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Tuesday, February 20, 2018

Rabbi Ari Sytner speaking.

Public speaking: some people shine in the spotlight, some people don’t mind it and will speak when asked, while others dread it and avoid it at all costs. Whatever the feelings toward speaking, there will usually come a time in someone’s life where they are asked to speak on behalf of a close friend or family member, whether at their own simcha or at another’s.

Rabbi Ari Sytner has a broad background of public speaking experience. As a pulpit rabbi in the past, currently the director of leadership and community development for Yeshiva University, a communication consultant and author of a book about his journey as a kidney donor, Rabbi Sytner speaks before all different types of audiences. Traveling to shuls and communities all around the country, Rabbi Sytner has built up a reputation as an inspirational and captivating speaker. The Jewish Link approached him to share his knowledge with The Simcha Link, and offer 10 tips for how readers can deliver their best dvar Torah at any event.

  1. Show respect for your audience by preparing your remarks, crafting what you want to say and how you wish to say it. A speaker should never get up and “wing it,” said Rabbi Sytner. If Rav Soloveitchik, zt”l, was known for delivering every presentation with copious notes, it would behoove us to consider doing the same. “Yet, whenever one is using notes, practice it repeatedly and aim to deliver it by heart, rather than reading it verbatim.”
  2. Have a clear plan for opening and launching the dvar Torah. The last thing someone wants to hear is a speaker ramble for 10 minutes of welcomes and introductions, followed by, “Now I’d like to begin.” A good opening should be strong, engaging and serve as the hook to keep their attention.
  3. “It’s important to remember that speaking at a simcha is not a roast,” Rabbi Sytner said, explaining that people often feel uncomfortable speaking publicly and try to compensate for their discomfort with comic relief. “A simcha has been generations in the works and represents the culmination of many dreams and prayers,” he added. “The simcha is about celebrating the good, and if you just make fun of the people involved, you risk embarrassing the family and detracting from the simcha instead of focusing on the milestone,” he added, recounting instances he saw where families were devastated by the humiliating stories told by a speaker who was trying to be funny but did not consider the consequences.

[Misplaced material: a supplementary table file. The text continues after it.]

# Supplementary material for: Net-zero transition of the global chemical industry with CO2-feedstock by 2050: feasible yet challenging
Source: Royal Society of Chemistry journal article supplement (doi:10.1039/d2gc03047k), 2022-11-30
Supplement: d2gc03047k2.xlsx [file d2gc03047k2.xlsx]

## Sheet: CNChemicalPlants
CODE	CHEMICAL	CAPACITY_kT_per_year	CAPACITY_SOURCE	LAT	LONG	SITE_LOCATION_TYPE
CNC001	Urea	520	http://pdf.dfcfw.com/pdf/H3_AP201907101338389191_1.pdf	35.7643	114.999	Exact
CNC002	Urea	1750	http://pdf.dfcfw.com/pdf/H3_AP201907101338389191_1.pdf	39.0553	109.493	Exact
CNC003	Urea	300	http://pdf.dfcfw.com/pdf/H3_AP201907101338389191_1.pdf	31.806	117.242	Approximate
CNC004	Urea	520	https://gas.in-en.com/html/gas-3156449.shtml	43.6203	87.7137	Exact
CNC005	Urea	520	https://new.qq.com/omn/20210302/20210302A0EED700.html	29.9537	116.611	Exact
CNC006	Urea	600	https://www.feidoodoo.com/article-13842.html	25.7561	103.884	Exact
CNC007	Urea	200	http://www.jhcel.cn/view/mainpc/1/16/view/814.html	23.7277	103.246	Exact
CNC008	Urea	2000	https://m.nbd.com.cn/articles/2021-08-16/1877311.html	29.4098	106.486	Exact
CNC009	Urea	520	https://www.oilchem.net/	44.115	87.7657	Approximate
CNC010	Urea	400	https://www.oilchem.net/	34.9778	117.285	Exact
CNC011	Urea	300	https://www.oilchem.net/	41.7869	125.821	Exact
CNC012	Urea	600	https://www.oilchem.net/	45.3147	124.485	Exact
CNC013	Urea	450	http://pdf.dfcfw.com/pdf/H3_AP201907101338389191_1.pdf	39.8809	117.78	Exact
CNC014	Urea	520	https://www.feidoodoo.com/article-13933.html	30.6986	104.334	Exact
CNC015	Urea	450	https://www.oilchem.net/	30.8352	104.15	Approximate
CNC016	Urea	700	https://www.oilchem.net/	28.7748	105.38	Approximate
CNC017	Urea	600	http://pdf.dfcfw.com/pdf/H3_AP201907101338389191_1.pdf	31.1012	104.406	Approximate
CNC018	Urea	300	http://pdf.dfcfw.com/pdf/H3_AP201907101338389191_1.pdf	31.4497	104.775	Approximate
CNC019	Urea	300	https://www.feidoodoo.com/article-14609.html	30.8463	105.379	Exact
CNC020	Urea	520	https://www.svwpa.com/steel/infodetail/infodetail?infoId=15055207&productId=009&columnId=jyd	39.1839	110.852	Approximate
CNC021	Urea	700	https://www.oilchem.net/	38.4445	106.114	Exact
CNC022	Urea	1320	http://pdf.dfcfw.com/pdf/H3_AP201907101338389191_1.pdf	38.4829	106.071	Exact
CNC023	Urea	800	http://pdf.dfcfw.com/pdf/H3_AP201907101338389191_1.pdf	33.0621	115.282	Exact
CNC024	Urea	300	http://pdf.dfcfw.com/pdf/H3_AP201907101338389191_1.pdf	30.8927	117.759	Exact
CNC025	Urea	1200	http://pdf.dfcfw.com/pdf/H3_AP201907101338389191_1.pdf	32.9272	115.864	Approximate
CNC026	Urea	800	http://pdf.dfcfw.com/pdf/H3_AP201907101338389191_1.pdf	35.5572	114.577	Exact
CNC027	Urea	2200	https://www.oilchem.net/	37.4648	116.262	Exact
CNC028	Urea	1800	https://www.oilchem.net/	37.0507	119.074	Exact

4. “Build your speech around a Torah value or idea, and use that as a central thought to build upon,” advised Rabbi Sytner. He reminded readers that this is not the venue with which to impress guests with your scholarly accomplishments (“Please don’t hand out source sheets for a dvar Torah,” he added). A strong dvar Torah generally presents a brief premise, which is then questioned, followed by an insightful answer with a relevant message. He recommends honing in on one clear idea—sometimes as simple as referencing a figure from the Torah or the parsha, and turn that into a personal connection to the family making the simcha.
  5. “This is a powerful opportunity to highlight qualities of the ba’alei hasimcha,” said Rabbi Sytner. Share a personal memory, or a special quality or a story that has meant something to you as the speaker. Sytner said it could mean so much to hear someone say, “You may not even remember this, but I will never forget how you…,” and proceed with a meaningful and personal vignette. He added further that people may not remember the dvar Torah as much as the story and the effort, so put effort into the personal component.
  6. “Don’t paint the bar mitzvah boy or bat mitzvah girl as the Mashiach,” advised Rabbi Sytner. While delivering the dvar Torah means focusing on the wonderful accomplishments of an individual or a family, it is also important not to go overboard and exaggerate to the point where guests will start questioning if they are attending the right simcha.
  7. “Acknowledge and look to the past. We need to realize we are not here because of us alone, but rather because of those who came before us,” said Rabbi Sytner. Try to draw on intergenerational connections as an important link in every stage of life, and how parents, grandparents and previous generations play an integral role in the simchas and milestones a family celebrates.
  8. Don’t be afraid to express hakarat hatov. “If there is something you are grateful for—share it, and allow the tender feelings to enhance the emotions of the event,” said Rabbi Sytner.
  9. Know your audience. “Don’t assume everyone knows Hebrew phrases, even the supposedly obvious ones,” reminded Rabbi Sytner. Interweaving Hebrew words and translations in a seamless way will allow everyone to understand and feel included.
  10. When wrapping up the dvar Torah, Rabbi Sytner likens speaking to flying. He advised, “Know how and where to land the plane. Don’t talk in circles, going around and around looking to hit the perfect ending. Know the end and know how to close—your audience will thank you.”

These helpful hints will add to the experience for everyone listening to the dvar Torah, and help add to the sentiment of the event.

By Jenny Gans